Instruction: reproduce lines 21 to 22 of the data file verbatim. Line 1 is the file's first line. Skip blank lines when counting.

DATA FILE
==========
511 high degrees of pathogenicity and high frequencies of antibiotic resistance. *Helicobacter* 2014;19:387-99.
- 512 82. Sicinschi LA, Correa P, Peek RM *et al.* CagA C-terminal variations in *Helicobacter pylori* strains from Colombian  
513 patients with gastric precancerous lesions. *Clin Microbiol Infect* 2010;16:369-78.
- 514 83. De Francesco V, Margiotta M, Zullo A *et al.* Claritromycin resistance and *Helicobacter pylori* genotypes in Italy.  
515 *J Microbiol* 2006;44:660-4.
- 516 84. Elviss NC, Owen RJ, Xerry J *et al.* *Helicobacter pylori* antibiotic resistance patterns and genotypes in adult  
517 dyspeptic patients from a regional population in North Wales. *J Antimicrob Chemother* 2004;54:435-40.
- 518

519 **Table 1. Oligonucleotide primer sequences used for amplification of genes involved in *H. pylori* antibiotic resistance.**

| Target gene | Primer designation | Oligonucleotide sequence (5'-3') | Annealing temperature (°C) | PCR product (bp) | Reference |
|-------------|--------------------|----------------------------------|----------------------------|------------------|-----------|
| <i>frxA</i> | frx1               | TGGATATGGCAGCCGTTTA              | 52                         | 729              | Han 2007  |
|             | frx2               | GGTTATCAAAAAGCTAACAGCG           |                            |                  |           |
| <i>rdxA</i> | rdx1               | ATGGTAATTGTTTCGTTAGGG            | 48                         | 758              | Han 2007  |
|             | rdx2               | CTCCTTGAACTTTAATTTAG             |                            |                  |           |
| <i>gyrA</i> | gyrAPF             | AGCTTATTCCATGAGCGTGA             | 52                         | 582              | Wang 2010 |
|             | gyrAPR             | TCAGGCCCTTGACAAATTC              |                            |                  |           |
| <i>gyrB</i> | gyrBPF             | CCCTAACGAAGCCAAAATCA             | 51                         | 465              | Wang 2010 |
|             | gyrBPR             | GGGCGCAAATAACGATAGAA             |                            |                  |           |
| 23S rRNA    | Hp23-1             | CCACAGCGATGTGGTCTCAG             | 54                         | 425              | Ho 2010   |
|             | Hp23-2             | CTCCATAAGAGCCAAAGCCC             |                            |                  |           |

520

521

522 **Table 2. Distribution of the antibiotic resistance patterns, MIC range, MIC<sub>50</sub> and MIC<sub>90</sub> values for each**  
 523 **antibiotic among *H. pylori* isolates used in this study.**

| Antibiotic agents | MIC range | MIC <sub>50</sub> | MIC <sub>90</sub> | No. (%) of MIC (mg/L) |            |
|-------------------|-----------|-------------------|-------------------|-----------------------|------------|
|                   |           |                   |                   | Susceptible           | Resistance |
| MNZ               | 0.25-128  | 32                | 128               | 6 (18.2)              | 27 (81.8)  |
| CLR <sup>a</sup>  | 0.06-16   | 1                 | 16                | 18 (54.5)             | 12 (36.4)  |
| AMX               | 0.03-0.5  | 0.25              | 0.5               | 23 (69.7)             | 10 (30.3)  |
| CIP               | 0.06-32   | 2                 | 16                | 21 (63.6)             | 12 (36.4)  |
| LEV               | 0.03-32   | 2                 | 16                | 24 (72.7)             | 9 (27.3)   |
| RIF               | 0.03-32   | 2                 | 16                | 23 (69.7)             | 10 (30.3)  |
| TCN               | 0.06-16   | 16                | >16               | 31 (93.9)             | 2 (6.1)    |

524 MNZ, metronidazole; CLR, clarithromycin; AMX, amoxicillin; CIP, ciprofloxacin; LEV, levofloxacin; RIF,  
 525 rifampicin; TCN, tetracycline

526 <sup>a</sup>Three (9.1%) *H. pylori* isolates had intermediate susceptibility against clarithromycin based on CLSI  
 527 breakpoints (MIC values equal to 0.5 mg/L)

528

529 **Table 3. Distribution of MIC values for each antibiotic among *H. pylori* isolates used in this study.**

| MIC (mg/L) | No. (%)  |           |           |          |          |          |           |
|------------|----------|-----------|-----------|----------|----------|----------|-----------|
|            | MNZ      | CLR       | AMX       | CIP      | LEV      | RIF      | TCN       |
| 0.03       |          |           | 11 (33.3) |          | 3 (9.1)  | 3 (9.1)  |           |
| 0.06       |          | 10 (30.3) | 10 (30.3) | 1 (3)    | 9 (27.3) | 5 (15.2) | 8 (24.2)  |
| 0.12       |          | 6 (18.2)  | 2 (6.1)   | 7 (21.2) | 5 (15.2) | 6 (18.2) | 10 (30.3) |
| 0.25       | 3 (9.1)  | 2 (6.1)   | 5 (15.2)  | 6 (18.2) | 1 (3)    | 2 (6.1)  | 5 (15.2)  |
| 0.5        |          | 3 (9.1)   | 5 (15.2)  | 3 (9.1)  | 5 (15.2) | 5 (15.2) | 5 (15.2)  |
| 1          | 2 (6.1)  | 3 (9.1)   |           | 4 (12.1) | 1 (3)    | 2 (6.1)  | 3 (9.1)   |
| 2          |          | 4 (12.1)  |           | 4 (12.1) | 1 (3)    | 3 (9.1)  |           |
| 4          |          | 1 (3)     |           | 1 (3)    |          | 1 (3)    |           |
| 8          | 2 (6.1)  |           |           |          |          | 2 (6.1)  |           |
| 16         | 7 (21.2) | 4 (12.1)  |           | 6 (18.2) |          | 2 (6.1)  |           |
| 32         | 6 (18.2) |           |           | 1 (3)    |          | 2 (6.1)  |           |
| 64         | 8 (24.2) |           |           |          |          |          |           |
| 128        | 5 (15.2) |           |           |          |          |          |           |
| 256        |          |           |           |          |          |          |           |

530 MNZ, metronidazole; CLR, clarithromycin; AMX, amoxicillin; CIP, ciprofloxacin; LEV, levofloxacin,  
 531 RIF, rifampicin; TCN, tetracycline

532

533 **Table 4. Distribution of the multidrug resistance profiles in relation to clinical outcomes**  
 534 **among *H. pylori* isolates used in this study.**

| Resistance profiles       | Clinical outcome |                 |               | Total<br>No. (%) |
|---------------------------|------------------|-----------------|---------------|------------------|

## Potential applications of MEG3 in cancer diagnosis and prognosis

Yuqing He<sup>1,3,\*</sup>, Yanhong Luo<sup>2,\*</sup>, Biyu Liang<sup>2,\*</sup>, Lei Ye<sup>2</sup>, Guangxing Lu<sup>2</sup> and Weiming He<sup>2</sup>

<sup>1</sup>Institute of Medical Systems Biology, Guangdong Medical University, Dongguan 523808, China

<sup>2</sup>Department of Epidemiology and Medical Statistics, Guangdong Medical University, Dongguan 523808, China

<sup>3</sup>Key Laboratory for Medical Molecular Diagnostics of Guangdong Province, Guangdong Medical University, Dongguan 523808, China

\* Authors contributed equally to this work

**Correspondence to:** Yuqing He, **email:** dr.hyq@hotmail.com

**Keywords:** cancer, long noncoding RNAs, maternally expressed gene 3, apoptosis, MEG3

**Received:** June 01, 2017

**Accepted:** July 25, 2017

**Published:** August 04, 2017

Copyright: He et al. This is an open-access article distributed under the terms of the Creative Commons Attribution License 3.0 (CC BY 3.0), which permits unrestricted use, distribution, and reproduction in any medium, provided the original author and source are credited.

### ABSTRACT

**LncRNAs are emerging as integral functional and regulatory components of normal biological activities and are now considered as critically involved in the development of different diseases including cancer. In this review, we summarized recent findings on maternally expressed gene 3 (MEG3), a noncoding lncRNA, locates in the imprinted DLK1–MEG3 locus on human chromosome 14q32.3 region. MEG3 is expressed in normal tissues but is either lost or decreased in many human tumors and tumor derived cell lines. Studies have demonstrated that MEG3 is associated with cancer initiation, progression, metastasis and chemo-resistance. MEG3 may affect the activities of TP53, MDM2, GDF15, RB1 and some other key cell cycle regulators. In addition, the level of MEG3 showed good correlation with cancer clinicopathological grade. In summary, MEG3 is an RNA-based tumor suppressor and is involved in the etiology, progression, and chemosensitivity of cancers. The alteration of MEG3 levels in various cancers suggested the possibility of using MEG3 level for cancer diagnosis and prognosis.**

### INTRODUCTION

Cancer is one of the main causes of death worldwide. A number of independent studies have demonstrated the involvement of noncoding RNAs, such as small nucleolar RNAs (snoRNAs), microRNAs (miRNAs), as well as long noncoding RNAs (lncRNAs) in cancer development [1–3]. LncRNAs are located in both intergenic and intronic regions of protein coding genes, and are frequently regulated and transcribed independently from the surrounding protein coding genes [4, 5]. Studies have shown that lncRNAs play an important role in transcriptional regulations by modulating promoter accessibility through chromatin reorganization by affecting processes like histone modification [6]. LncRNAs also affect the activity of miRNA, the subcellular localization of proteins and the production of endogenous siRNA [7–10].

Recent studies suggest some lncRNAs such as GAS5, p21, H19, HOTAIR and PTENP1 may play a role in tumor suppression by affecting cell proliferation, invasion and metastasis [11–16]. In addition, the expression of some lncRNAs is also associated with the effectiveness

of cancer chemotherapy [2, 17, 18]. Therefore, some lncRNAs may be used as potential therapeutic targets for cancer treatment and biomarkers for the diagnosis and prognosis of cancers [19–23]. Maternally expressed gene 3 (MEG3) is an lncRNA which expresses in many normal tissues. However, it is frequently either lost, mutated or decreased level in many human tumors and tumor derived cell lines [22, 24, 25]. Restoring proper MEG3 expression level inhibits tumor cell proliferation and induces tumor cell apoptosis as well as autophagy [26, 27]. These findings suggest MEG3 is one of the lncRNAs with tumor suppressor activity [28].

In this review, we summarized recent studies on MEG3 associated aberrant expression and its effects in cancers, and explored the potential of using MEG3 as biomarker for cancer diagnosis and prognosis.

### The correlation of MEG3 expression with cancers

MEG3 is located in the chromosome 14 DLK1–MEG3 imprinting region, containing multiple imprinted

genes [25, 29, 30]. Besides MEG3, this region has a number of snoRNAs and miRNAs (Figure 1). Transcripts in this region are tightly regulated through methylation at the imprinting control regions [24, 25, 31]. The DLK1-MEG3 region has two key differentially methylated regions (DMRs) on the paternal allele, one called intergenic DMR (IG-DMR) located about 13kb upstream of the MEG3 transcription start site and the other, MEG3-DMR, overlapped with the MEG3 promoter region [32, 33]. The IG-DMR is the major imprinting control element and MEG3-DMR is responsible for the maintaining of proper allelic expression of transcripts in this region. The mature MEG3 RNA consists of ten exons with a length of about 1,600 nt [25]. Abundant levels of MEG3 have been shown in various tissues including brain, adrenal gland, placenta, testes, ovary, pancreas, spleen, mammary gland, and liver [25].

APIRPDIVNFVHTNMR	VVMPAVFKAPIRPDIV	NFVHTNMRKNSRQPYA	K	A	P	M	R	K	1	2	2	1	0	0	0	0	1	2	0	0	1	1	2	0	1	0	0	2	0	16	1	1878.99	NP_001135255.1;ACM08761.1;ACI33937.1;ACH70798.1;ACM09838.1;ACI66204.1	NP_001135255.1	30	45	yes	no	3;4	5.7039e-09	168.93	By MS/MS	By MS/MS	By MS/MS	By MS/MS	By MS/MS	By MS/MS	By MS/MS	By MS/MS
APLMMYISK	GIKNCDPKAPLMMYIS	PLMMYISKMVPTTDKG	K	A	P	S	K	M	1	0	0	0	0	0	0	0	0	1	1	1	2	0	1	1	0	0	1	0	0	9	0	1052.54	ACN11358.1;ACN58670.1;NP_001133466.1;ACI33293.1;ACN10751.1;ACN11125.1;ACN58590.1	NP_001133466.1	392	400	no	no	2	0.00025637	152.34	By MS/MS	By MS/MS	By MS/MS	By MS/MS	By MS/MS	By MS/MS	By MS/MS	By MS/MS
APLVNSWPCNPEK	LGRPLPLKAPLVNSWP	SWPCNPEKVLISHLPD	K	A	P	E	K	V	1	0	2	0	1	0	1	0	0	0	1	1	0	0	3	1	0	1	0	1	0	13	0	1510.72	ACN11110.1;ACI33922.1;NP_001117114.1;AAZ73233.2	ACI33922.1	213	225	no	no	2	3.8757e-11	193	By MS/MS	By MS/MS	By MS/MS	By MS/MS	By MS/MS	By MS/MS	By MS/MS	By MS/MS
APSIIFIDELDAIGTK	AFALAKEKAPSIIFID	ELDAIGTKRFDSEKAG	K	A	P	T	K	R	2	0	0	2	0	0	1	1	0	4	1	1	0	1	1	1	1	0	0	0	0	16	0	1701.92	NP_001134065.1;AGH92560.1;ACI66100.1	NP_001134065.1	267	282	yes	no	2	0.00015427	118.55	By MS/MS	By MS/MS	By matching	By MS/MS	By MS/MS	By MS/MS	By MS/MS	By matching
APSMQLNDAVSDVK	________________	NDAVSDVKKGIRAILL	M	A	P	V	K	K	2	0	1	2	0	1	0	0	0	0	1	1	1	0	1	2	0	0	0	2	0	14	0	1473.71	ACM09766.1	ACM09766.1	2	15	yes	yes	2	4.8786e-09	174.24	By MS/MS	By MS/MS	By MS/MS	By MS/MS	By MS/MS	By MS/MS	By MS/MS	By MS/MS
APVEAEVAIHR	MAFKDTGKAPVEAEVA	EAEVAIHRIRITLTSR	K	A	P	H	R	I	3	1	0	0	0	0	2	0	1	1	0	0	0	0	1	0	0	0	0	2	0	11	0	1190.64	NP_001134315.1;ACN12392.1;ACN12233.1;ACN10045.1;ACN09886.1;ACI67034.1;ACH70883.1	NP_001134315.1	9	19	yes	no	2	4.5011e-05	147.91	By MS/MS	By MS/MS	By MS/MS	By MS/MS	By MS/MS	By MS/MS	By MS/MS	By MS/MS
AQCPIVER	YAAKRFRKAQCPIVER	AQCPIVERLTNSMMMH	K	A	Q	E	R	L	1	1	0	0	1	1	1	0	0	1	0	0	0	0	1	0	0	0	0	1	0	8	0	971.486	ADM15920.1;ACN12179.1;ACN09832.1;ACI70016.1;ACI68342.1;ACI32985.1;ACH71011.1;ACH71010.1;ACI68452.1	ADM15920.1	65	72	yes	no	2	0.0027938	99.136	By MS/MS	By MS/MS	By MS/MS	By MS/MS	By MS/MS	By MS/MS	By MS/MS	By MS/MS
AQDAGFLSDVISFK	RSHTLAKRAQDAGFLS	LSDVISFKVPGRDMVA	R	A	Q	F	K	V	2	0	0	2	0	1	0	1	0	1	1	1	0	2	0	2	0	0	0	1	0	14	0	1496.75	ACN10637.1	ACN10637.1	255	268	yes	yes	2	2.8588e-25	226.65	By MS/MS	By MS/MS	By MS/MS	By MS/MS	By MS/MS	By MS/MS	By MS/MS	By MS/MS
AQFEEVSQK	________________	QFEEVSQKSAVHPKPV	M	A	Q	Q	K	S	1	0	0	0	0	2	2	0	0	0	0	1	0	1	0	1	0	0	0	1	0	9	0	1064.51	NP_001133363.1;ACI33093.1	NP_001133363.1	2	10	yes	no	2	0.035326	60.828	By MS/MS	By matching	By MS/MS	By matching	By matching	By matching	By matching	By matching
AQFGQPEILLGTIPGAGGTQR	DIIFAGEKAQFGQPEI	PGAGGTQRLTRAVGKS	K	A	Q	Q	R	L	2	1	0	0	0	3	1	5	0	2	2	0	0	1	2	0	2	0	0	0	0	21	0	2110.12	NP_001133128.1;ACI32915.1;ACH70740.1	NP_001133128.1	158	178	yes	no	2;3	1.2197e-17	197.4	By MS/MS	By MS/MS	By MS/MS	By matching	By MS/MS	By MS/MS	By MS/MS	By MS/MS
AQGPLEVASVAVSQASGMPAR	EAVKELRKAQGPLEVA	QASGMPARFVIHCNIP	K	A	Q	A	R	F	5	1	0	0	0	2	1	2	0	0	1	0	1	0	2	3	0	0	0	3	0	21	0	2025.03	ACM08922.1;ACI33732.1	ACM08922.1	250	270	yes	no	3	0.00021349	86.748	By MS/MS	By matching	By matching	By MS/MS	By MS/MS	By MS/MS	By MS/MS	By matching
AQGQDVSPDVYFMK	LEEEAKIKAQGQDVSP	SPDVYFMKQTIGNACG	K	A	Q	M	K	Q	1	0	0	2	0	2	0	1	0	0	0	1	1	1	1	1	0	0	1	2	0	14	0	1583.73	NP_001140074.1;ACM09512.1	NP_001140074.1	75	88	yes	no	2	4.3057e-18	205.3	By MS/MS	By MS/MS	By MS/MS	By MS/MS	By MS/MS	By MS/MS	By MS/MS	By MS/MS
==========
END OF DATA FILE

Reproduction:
|             | Hp23-2             | CTCCATAAGAGCCAAAGCCC             |                            |                  |           |

520